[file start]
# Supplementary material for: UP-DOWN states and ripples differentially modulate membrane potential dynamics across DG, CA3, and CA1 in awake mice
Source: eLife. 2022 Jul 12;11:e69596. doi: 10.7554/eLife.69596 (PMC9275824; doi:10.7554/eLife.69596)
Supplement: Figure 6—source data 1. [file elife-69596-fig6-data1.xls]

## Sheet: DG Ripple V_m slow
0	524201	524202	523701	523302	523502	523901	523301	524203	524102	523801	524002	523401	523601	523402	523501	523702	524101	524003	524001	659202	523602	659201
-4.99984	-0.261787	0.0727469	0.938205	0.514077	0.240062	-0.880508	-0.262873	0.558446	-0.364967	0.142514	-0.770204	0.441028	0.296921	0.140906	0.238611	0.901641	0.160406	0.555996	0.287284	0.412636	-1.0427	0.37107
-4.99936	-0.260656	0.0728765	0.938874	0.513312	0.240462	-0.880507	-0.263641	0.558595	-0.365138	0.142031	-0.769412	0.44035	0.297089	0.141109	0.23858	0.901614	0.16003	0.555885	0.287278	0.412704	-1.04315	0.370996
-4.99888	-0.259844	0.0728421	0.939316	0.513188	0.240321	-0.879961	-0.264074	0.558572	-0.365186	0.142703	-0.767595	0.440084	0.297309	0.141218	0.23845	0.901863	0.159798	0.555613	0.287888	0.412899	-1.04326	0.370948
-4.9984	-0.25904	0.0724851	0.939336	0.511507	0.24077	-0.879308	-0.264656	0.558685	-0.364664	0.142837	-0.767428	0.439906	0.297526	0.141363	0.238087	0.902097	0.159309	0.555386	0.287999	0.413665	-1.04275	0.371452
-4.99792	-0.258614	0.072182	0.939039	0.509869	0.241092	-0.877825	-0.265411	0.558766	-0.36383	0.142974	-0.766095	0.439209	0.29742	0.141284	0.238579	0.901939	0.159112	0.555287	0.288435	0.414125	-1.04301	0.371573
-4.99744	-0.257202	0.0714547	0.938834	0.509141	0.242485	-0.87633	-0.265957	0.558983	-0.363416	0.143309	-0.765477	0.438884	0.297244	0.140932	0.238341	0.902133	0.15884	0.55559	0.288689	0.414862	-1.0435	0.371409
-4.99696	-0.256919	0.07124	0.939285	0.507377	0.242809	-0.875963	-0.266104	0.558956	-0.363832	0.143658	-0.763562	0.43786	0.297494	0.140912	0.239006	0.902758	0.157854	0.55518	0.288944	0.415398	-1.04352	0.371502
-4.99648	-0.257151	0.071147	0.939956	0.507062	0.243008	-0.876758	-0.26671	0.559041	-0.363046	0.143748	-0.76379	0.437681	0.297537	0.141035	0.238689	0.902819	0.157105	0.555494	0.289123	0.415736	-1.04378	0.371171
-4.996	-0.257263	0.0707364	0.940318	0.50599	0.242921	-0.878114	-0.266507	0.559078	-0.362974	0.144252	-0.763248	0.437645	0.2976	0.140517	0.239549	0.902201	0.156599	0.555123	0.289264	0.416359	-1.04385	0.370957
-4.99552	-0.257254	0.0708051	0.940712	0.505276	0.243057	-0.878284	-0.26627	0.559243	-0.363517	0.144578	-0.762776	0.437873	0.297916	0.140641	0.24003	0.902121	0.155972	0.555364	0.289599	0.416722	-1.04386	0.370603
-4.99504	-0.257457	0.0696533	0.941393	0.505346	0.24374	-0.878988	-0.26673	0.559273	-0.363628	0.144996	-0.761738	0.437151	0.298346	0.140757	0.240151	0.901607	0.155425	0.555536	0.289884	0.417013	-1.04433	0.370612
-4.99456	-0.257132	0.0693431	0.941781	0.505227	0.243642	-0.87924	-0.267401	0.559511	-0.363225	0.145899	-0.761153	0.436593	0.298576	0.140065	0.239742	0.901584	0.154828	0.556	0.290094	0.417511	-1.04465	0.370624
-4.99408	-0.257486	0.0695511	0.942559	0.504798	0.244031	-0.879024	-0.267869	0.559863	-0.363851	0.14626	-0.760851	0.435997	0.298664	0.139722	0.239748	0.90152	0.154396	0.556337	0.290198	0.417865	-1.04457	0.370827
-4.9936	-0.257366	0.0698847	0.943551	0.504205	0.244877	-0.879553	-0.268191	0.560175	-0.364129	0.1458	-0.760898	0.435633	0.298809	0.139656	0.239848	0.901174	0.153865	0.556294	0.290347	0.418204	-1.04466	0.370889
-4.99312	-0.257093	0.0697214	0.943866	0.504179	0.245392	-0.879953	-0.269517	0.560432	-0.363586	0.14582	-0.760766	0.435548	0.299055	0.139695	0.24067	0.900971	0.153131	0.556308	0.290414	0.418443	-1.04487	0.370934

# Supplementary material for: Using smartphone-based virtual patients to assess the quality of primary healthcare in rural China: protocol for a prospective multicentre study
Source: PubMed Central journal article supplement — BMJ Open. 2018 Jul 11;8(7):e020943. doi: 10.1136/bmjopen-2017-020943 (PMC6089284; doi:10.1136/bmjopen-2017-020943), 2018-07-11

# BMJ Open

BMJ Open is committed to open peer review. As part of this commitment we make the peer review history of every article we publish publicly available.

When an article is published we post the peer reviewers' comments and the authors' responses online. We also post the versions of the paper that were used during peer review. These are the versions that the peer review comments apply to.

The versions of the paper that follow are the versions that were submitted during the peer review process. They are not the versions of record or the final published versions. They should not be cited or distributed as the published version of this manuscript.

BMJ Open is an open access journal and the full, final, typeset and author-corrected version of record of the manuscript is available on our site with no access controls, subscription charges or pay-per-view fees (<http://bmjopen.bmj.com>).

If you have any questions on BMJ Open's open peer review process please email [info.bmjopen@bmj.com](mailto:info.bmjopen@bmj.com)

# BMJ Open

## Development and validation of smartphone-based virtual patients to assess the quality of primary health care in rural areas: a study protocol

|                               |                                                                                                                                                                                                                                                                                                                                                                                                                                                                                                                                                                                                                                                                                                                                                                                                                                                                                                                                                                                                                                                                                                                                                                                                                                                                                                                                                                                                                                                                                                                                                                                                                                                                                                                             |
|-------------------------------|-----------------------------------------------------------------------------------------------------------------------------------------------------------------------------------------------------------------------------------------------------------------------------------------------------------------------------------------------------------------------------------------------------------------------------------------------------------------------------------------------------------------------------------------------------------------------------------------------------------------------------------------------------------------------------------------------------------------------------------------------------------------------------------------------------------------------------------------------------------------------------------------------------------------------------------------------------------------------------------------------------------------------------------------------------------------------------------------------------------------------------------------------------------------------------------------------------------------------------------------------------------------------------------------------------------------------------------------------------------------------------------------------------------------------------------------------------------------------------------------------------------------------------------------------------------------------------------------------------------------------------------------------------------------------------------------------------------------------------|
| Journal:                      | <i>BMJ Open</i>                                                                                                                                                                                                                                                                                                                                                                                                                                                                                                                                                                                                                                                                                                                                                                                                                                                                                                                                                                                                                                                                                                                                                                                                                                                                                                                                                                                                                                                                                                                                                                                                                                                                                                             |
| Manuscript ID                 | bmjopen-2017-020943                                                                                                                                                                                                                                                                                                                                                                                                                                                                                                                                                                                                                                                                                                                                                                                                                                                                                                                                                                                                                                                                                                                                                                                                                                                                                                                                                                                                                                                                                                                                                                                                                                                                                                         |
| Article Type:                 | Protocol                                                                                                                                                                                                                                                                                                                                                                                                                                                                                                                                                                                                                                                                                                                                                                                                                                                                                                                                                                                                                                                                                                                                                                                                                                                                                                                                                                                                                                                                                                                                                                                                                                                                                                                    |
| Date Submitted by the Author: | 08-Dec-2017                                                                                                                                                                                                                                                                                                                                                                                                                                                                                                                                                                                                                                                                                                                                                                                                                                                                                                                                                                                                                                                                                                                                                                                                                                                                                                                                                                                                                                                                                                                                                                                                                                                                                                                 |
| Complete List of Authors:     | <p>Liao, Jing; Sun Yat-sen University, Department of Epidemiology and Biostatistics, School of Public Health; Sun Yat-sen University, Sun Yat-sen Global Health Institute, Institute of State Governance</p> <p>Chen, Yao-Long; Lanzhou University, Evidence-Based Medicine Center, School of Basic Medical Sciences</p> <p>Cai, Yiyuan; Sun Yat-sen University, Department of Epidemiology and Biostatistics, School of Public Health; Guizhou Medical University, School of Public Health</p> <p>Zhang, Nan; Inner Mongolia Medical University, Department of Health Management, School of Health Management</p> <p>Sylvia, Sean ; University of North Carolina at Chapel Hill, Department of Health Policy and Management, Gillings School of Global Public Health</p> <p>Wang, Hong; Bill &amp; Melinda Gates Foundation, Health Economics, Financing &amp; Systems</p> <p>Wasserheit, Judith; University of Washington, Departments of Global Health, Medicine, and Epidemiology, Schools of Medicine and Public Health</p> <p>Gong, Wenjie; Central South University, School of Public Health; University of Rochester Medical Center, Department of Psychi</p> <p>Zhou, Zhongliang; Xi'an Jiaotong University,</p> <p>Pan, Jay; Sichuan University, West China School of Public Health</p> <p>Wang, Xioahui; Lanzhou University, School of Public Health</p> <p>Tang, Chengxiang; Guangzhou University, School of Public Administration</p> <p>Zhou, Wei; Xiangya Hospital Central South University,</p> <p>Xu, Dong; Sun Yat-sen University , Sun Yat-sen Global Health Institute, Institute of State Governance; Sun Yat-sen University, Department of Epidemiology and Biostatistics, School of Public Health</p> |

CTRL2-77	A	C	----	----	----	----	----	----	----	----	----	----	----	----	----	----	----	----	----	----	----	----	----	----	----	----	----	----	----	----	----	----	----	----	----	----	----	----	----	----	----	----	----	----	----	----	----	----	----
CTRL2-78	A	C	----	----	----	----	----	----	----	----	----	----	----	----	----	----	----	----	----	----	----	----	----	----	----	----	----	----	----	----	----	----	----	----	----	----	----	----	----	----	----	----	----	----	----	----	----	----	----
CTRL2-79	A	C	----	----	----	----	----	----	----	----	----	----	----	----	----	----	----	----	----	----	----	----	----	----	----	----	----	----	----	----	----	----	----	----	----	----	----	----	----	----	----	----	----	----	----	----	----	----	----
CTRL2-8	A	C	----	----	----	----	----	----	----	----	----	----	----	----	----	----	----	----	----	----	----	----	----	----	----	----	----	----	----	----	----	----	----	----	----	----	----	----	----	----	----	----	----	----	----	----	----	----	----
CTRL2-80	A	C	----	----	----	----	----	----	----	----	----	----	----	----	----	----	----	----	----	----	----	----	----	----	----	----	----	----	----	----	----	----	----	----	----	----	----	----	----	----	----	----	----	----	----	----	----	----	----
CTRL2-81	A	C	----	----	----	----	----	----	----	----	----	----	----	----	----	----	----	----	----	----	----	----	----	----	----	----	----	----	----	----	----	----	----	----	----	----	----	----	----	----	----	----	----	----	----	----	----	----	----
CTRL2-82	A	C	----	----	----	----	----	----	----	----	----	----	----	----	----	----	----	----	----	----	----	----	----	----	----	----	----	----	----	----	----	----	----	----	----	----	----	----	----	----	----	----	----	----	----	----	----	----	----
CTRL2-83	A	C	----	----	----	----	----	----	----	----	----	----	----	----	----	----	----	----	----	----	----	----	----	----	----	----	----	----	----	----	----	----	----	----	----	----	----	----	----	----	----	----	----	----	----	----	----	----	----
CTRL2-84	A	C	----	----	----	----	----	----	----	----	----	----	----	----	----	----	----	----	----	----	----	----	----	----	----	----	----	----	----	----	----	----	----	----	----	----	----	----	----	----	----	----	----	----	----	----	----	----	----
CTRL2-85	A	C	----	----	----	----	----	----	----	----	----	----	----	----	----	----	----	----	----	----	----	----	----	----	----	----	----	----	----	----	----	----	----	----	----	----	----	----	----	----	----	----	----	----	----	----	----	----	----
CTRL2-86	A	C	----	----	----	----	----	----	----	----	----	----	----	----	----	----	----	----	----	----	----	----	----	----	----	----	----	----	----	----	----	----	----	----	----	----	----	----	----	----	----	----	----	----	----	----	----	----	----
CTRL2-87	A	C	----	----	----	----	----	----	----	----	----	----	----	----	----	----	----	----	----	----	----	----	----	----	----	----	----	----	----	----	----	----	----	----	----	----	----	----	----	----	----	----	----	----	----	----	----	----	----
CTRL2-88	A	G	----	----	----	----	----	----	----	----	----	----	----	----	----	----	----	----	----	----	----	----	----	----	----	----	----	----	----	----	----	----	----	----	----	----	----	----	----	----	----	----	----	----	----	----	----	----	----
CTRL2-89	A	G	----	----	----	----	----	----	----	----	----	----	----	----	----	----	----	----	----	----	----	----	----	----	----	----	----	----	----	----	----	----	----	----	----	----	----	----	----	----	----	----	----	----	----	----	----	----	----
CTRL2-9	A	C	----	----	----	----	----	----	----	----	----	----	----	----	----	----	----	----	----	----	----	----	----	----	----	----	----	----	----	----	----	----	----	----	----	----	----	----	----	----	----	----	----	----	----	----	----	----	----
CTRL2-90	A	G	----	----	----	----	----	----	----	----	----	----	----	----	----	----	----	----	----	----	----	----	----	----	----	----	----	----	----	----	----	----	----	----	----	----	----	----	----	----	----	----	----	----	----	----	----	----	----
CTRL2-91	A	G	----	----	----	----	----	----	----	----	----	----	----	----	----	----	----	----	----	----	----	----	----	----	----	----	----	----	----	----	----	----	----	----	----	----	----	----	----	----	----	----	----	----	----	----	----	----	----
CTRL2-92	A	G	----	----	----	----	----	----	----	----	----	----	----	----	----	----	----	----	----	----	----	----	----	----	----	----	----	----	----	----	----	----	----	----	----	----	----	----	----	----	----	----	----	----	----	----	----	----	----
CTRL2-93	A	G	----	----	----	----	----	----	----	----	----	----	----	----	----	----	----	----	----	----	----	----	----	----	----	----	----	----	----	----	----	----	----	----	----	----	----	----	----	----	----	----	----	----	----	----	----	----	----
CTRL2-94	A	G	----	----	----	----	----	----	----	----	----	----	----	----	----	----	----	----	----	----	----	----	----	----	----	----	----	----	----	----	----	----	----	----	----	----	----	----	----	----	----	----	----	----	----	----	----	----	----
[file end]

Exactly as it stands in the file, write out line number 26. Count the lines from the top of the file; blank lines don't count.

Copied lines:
The versions of the paper that follow are the versions that were submitted during the peer review process. They are not the versions of record or the final published versions. They should not be cited or distributed as the published version of this manuscript.